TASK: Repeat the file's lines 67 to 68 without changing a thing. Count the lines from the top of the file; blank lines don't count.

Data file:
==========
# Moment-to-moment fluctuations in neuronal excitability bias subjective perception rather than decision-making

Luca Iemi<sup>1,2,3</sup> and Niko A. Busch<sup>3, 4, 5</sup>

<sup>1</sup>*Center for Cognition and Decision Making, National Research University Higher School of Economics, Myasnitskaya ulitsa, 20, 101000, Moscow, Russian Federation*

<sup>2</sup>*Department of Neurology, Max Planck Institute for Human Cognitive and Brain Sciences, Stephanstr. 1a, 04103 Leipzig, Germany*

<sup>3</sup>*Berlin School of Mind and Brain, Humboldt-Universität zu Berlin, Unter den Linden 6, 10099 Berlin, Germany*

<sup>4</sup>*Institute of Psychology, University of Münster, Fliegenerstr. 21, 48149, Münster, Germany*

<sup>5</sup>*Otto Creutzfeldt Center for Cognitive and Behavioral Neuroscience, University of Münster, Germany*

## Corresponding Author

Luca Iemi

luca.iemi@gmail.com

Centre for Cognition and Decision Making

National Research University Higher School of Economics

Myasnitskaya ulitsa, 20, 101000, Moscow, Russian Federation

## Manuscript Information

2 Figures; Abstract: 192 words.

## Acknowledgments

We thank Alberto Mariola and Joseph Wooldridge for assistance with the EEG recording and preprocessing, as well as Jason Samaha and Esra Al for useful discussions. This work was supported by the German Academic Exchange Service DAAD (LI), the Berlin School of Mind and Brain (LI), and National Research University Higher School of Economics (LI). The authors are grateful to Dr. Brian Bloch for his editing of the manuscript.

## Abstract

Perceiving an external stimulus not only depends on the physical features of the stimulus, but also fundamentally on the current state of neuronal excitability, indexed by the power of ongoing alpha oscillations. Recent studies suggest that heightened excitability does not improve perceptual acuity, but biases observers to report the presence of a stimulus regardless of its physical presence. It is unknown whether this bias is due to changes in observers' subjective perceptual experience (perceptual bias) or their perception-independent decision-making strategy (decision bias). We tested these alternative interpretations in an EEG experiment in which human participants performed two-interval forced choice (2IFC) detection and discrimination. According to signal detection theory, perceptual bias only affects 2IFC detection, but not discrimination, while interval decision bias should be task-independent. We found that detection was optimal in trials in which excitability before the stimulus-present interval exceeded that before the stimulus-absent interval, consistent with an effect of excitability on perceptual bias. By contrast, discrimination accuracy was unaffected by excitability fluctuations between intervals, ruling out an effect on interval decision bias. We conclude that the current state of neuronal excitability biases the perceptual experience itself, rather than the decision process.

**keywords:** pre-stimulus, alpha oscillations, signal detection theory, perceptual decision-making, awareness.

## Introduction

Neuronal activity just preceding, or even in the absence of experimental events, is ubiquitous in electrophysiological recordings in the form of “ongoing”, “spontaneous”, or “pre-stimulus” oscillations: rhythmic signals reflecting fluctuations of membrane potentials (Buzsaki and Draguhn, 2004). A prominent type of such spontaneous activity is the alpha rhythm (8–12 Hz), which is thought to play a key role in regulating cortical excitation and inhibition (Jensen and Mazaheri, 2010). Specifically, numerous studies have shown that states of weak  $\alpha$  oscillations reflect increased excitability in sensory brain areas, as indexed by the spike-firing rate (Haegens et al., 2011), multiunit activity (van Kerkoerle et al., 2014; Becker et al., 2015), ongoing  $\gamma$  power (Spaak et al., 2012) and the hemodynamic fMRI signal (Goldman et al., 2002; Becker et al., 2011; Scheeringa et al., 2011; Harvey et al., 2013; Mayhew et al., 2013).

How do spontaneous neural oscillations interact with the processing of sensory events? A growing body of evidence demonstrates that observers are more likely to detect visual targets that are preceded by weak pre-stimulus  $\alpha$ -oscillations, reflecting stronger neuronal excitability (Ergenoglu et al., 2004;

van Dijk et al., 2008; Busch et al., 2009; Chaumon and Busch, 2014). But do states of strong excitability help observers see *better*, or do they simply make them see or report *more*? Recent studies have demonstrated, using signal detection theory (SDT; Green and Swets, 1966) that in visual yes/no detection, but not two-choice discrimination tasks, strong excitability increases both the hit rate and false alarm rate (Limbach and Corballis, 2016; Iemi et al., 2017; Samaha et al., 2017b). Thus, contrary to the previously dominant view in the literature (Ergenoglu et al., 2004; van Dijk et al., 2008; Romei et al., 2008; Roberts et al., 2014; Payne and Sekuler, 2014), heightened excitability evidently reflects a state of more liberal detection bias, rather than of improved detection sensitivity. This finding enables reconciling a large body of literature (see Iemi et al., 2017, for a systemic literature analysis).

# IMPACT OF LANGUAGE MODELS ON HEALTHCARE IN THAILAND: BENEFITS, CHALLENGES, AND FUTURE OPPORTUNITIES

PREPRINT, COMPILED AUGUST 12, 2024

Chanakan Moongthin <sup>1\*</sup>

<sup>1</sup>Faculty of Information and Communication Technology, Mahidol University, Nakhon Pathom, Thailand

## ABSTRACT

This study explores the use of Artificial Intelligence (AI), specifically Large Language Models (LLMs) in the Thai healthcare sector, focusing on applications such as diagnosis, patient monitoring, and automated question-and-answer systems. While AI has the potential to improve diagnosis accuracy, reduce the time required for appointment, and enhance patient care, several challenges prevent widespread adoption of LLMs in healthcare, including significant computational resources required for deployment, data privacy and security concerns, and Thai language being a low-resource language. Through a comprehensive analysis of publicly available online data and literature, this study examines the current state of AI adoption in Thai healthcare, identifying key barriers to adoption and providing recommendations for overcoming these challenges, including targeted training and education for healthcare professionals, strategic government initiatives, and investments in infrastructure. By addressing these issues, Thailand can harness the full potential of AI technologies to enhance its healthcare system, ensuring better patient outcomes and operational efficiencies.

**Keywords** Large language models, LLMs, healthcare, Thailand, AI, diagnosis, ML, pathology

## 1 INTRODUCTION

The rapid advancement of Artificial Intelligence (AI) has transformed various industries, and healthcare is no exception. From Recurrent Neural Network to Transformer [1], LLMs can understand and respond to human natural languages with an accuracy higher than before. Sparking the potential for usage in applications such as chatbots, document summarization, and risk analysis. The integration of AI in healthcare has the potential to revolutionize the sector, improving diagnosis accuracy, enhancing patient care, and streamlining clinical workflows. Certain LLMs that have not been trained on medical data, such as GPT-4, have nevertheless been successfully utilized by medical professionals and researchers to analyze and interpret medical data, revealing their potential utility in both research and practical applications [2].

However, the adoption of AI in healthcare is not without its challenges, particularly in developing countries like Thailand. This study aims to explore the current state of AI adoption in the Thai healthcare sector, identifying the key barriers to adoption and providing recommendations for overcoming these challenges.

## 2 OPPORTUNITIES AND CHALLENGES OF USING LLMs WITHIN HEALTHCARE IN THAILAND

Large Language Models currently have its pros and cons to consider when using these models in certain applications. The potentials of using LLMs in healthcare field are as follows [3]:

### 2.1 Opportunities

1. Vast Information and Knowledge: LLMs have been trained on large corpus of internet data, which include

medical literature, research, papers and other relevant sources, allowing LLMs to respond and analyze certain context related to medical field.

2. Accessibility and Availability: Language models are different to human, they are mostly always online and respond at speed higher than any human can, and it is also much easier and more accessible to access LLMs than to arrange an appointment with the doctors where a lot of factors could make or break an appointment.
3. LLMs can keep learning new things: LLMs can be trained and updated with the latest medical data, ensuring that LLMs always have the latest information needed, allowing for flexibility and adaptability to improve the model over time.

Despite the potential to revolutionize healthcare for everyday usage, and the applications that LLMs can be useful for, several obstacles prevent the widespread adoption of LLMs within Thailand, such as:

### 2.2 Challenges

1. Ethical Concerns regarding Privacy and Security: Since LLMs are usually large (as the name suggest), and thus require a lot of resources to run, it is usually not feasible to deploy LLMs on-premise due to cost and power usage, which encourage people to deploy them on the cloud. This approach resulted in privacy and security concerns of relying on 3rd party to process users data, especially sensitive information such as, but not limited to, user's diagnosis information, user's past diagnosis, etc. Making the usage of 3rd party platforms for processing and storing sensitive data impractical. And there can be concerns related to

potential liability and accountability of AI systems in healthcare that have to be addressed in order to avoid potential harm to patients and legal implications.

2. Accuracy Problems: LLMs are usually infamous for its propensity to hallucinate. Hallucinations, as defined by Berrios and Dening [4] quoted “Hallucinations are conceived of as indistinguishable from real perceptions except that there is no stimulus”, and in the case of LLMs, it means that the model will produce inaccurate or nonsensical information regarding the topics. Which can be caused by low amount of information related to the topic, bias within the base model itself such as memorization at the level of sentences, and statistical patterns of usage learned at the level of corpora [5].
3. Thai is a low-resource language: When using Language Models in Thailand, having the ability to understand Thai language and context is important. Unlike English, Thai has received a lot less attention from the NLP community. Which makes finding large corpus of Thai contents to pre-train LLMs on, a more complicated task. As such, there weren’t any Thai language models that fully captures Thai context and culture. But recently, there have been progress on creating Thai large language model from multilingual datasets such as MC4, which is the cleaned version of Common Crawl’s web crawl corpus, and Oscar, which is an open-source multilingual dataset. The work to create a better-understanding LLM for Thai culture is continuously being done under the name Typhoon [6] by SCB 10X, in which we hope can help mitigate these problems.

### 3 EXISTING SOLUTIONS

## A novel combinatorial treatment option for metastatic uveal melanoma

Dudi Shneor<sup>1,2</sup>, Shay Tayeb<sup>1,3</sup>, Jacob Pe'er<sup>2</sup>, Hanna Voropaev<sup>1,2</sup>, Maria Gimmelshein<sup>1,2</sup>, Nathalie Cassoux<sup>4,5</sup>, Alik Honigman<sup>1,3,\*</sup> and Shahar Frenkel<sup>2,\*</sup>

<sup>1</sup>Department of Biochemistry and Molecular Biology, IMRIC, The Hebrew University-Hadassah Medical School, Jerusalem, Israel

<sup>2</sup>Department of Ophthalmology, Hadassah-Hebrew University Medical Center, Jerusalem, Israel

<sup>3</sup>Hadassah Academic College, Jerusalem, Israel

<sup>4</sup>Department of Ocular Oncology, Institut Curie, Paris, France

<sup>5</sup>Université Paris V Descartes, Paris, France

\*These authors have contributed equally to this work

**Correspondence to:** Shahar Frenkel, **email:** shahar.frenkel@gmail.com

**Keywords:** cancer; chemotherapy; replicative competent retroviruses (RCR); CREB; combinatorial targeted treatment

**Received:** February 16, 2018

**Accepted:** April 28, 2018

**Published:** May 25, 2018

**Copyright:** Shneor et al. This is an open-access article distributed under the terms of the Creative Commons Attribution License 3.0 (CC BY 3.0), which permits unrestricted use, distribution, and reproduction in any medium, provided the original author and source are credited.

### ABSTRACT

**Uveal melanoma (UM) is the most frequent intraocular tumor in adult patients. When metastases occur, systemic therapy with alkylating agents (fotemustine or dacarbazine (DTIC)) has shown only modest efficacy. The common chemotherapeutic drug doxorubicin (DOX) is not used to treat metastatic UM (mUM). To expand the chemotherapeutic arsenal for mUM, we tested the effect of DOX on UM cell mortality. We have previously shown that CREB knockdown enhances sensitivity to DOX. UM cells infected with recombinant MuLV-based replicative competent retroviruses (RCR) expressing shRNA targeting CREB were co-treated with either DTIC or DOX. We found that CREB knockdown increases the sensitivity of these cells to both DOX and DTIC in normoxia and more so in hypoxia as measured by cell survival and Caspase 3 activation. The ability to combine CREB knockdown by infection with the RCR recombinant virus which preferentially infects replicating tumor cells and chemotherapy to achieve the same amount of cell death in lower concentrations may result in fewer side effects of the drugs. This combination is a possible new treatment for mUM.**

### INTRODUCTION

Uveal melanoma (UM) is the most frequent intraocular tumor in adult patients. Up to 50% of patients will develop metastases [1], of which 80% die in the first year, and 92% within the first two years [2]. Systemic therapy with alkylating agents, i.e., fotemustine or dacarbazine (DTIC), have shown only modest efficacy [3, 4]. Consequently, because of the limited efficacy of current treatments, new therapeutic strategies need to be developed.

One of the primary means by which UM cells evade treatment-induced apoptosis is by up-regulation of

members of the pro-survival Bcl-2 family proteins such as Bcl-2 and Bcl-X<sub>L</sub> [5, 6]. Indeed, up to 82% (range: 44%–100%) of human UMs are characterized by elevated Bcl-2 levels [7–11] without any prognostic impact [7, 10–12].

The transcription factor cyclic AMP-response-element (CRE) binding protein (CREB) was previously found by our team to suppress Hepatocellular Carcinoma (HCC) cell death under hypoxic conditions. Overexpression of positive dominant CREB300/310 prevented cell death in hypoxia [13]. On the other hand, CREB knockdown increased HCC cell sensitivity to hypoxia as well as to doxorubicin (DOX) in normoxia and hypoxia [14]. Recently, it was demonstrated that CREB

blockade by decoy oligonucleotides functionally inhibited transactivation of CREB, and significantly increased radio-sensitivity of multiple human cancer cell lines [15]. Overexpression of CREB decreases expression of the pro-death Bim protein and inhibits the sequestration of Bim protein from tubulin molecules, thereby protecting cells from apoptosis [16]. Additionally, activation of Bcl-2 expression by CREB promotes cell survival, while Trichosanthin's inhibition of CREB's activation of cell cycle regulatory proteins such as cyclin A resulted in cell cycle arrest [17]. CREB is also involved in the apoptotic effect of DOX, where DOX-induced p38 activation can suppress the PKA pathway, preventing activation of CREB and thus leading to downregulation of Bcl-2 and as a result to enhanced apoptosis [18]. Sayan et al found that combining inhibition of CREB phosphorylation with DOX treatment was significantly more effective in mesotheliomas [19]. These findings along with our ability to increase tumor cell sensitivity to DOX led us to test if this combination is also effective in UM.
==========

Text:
One of the primary means by which UM cells evade treatment-induced apoptosis is by up-regulation of

members of the pro-survival Bcl-2 family proteins such as Bcl-2 and Bcl-X<sub>L</sub> [5, 6]. Indeed, up to 82% (range: 44%–100%) of human UMs are characterized by elevated Bcl-2 levels [7–11] without any prognostic impact [7, 10–12].